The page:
Little House in the Big Woods was a trip down memory lane. I felt nostalgic reading each chapter and each description. In fact, the tone that this book was written in is very similar to that of Farmer Boy, which I read all the way through for the first time last fall (who wants to read about Almanzo when you want to read about Laura? I mean, c’mon). There were so many food descriptions, and descriptions of Laura and Mary’s trees, and of collecting maple syrup. I found myself wishing I still had the Little House Cookbook so I could recreate some of the foods (most of which I probably can’t eat because meat) myself. I remembered thinking the same things when I was reading The Wilder Life by Wendy McClure.

There were also some questionable lines, ones that I don’t think I ever stopped to think about before. Most of them were in the lyrics of Pa’s songs; one used the word Injun and another used the word darkey. Certainly terms that were “okay” in the 1800s, and when Big Woods was first published. It reminded me that these terms were in use not that long ago, and that Laura’s generation is only three or so back from me. America is not that old, and there are moments where that age becomes clear. I will catch this many more times throughout the series, particularly when they move further west.

Little House in the Big Woods will always hold a special place in my heart because it introduced a love of reading. Sure, that was already in place, but it expanded my world. It was my first history lesson, my first book series. It made history come alive, and it still does, eighty-five years later.

25 Years and 25 Books

25 Years and 25 Books

Last week, I turned twenty-five with little fanfare—of my own choosing. When it comes to birthdays, I’m basically Ron Swanson.

So, as per usual, I kept quiet that my birthday was coming up. But turning twenty-five is, I suppose, a milestone birthday. Yay, I can rent cars now. I tried to think of what I could do to make my twenty-fifth year special. Then I realized an obvious solution: I would reread twenty-five books that affected me in some way or another.

For the past couple of years, I’ve been wanting to reread a lot of books. Specifically reread some of my favorite series. Like Harry Potter, Little House, Among the Hidden, etc. But with my Goodreads challenges, I wasn’t counting rereads. And neither was Goodreads (until this year!).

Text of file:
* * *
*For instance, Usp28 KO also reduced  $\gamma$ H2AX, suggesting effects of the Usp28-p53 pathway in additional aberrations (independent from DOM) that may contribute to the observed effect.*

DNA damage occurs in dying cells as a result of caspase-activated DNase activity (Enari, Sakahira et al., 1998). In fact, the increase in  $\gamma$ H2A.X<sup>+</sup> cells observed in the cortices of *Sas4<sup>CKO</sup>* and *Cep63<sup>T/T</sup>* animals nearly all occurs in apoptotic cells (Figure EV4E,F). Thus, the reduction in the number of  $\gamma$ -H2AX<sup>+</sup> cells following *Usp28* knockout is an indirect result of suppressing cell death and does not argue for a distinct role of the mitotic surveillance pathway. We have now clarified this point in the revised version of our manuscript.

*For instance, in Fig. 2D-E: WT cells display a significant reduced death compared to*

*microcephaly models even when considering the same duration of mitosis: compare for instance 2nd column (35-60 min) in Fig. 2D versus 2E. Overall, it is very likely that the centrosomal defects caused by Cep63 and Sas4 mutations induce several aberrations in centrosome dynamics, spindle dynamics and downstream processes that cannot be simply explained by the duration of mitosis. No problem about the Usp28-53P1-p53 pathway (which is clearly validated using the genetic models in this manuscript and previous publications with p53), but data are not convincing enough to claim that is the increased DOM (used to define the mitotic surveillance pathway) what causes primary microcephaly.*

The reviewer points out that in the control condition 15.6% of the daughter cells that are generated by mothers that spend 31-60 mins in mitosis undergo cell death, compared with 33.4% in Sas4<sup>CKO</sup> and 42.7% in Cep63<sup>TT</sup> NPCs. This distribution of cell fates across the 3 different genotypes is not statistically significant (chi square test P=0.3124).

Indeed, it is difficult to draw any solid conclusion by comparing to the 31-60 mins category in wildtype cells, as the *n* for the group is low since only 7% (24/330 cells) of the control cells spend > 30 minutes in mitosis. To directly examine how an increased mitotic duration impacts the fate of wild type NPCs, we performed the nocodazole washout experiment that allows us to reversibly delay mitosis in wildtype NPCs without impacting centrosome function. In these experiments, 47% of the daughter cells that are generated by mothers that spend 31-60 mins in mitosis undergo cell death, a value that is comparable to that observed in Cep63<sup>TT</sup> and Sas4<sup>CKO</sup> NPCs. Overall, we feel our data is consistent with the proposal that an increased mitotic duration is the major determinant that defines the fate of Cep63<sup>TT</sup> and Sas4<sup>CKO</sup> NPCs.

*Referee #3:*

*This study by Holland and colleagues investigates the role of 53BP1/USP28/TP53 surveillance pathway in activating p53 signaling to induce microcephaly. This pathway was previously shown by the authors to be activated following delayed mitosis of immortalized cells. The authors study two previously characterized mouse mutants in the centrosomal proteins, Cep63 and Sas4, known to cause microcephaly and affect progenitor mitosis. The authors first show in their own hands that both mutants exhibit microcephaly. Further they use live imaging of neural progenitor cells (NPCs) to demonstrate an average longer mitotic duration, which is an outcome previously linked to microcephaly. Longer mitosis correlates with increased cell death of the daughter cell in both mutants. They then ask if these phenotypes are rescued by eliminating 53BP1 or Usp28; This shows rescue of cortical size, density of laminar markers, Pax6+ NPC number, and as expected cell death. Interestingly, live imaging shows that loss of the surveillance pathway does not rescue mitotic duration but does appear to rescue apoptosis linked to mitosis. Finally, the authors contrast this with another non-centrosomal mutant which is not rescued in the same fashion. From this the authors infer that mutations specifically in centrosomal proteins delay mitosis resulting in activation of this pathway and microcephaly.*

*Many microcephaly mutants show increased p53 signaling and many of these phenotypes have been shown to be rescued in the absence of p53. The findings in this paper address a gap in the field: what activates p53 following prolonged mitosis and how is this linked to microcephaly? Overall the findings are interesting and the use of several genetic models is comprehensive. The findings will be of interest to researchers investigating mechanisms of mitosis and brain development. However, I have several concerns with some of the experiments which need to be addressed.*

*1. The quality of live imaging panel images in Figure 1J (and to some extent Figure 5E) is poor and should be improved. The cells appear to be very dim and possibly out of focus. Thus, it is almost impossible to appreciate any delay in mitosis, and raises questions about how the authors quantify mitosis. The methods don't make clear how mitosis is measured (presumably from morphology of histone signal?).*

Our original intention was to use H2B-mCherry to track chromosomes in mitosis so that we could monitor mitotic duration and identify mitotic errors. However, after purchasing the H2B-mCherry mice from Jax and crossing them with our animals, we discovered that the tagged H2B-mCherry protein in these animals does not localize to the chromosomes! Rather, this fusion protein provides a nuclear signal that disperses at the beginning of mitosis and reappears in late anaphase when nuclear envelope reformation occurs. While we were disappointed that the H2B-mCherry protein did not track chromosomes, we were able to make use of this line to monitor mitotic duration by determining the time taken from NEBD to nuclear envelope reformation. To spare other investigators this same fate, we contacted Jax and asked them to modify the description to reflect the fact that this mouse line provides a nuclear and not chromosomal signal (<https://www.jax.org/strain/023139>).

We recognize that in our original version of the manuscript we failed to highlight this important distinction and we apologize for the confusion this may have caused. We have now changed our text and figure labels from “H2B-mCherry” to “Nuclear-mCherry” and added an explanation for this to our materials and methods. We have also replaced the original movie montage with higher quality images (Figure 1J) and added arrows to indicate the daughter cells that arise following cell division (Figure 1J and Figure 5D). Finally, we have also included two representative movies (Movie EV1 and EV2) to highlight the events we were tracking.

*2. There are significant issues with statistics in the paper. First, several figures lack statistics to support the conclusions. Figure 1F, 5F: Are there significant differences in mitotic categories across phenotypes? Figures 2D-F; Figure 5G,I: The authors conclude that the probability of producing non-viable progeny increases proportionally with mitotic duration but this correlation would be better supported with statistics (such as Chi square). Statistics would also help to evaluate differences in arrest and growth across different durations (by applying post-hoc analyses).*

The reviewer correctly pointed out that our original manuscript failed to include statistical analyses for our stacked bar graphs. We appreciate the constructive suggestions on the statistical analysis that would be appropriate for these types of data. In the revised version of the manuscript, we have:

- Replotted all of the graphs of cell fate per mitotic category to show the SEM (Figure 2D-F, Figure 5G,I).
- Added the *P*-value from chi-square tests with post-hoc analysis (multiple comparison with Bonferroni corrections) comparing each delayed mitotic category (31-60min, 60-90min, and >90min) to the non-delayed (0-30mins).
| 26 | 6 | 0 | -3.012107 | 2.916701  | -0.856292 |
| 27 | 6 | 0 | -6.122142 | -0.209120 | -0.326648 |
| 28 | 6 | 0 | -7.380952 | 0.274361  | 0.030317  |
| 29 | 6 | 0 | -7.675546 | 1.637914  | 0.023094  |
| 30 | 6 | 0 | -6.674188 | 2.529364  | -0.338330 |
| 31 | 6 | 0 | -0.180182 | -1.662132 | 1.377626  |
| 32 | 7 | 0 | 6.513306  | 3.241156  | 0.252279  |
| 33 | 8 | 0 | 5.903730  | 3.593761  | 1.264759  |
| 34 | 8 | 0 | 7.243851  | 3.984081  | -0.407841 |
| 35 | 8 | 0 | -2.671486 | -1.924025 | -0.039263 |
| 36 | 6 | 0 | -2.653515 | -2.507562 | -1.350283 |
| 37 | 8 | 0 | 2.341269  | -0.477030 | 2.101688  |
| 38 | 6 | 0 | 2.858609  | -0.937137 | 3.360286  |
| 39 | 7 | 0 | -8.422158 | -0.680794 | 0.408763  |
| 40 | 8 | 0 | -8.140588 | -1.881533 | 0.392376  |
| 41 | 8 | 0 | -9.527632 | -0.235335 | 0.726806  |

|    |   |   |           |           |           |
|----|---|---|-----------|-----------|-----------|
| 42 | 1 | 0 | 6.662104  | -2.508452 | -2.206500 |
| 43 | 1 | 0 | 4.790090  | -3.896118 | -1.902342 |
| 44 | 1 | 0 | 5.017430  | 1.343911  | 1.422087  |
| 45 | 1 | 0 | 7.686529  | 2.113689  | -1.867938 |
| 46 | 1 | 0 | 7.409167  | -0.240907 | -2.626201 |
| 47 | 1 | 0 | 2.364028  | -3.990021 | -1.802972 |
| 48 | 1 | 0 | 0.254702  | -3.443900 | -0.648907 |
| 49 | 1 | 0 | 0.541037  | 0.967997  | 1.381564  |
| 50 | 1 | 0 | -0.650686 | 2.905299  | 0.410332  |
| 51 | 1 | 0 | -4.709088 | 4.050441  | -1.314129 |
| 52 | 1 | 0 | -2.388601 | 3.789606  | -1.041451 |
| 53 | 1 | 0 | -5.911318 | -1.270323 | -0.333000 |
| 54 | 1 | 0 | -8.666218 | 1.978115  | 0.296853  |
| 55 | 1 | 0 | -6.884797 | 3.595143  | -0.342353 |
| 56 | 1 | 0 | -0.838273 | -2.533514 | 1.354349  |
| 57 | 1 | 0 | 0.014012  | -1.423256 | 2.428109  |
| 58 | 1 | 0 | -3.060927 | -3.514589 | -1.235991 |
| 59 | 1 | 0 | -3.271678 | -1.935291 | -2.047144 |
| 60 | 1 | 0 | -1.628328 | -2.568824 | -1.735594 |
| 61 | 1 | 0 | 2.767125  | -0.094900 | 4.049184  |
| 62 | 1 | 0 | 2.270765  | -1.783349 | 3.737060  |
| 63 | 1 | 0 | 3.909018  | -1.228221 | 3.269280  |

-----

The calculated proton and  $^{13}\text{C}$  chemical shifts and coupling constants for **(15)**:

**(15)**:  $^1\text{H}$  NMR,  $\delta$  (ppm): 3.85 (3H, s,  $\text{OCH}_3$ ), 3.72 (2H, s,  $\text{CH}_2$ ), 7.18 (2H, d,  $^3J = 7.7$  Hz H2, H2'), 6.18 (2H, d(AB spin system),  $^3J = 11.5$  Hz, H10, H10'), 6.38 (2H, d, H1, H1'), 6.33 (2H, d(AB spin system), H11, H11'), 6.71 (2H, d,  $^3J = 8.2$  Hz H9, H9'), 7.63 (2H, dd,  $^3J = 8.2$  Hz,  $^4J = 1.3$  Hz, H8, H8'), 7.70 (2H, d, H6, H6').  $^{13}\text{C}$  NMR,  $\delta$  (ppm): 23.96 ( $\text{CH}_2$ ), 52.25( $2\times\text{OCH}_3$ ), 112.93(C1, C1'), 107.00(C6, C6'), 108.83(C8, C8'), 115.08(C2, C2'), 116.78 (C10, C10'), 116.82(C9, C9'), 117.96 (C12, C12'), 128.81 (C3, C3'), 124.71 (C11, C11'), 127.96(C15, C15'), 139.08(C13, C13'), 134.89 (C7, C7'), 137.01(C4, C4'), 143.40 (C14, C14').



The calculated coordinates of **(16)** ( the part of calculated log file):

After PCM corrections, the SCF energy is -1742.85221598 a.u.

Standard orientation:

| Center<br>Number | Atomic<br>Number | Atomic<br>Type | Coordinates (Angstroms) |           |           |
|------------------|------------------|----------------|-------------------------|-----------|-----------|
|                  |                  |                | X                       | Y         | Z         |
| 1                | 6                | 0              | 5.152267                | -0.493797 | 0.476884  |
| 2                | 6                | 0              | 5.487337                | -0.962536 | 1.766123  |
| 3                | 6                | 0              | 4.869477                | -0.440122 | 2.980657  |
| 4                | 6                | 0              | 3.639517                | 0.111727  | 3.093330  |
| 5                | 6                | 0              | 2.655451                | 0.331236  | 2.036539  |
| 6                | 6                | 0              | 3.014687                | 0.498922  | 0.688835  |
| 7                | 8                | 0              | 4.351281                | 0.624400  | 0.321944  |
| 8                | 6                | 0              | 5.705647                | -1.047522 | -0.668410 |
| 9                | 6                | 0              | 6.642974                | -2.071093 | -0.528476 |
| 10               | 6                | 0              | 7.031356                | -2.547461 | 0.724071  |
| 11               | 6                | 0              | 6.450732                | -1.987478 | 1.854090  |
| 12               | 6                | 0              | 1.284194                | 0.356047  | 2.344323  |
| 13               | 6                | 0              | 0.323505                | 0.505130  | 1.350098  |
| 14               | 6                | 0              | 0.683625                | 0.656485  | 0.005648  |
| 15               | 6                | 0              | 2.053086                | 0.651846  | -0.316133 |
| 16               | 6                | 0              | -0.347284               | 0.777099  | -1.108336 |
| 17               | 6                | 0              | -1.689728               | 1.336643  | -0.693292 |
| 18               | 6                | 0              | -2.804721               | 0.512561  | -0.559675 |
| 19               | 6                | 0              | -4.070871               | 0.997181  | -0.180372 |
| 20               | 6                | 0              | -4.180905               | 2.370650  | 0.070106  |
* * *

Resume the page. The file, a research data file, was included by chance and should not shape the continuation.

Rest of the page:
Once I decided that I wanted to reread some of my favorites, I took that into account when setting up my Goodreads Challenge; hence only saying thirty new books instead of seventy like I originally planned. Then I sat down and wrote a list of books that stood above the other books I’ve read in my twenty-plus years of reading. It was tough to narrow down the list to twenty-five, considering Harry Potter and Little House took up fifteen spots.

But I did it. So for the next year (February 2017 to February 2018), I will revisiting twenty-five books from my years of reading and writing up a short (most likely long) reaction piece for each book.

Bring on the nostalgia.

25 Years and 25 Books

The Little House series by Laura Ingalls Wilder
  1. Little House in the Big Woods
  2. Little House on the Prairie
  3. On the Banks of Plum Creek
  4. By the Shores of Silver Lake
  5. The Long Winter
  6. Little Town on the Prairie
  7. These Happy Golden Years
  8. The First Four Years
The Harry Potter series by J.K. Rowling
  1. Harry Potter and the Sorcerer’s Stone
  2. Harry Potter and the Chamber of Secrets
  3. Harry Potter and the Prisoner of Azkaban
  4. Harry Potter and the Goblet of Fire
  5. Harry Potter and the Order of the Phoenix
  6. Harry Potter and the Half-Blood Prince
  7. Harry Potter and the Deathly Hallows
The Song of the Lioness series by Tamora Pierce
  1. Alanna: the First Adventure
  2. In the Hand of the Goddess
  3. The Woman Who Rides Like a Man
  4. Lioness Rampant
  1. Fever 1793 by Louise Halse Anderson
  2. Elizabeth I: Red Rose of the House of Tudor, England 1544 by Kathryn Lasky
  3. Anne of Green Gables by L.M. Montgomery
  4. A Novel Idea by Aimee Friedman
  5. Jane Eyre by Charlotte Bronte
  6. Slaughterhouse Five by Kurt Vonnegut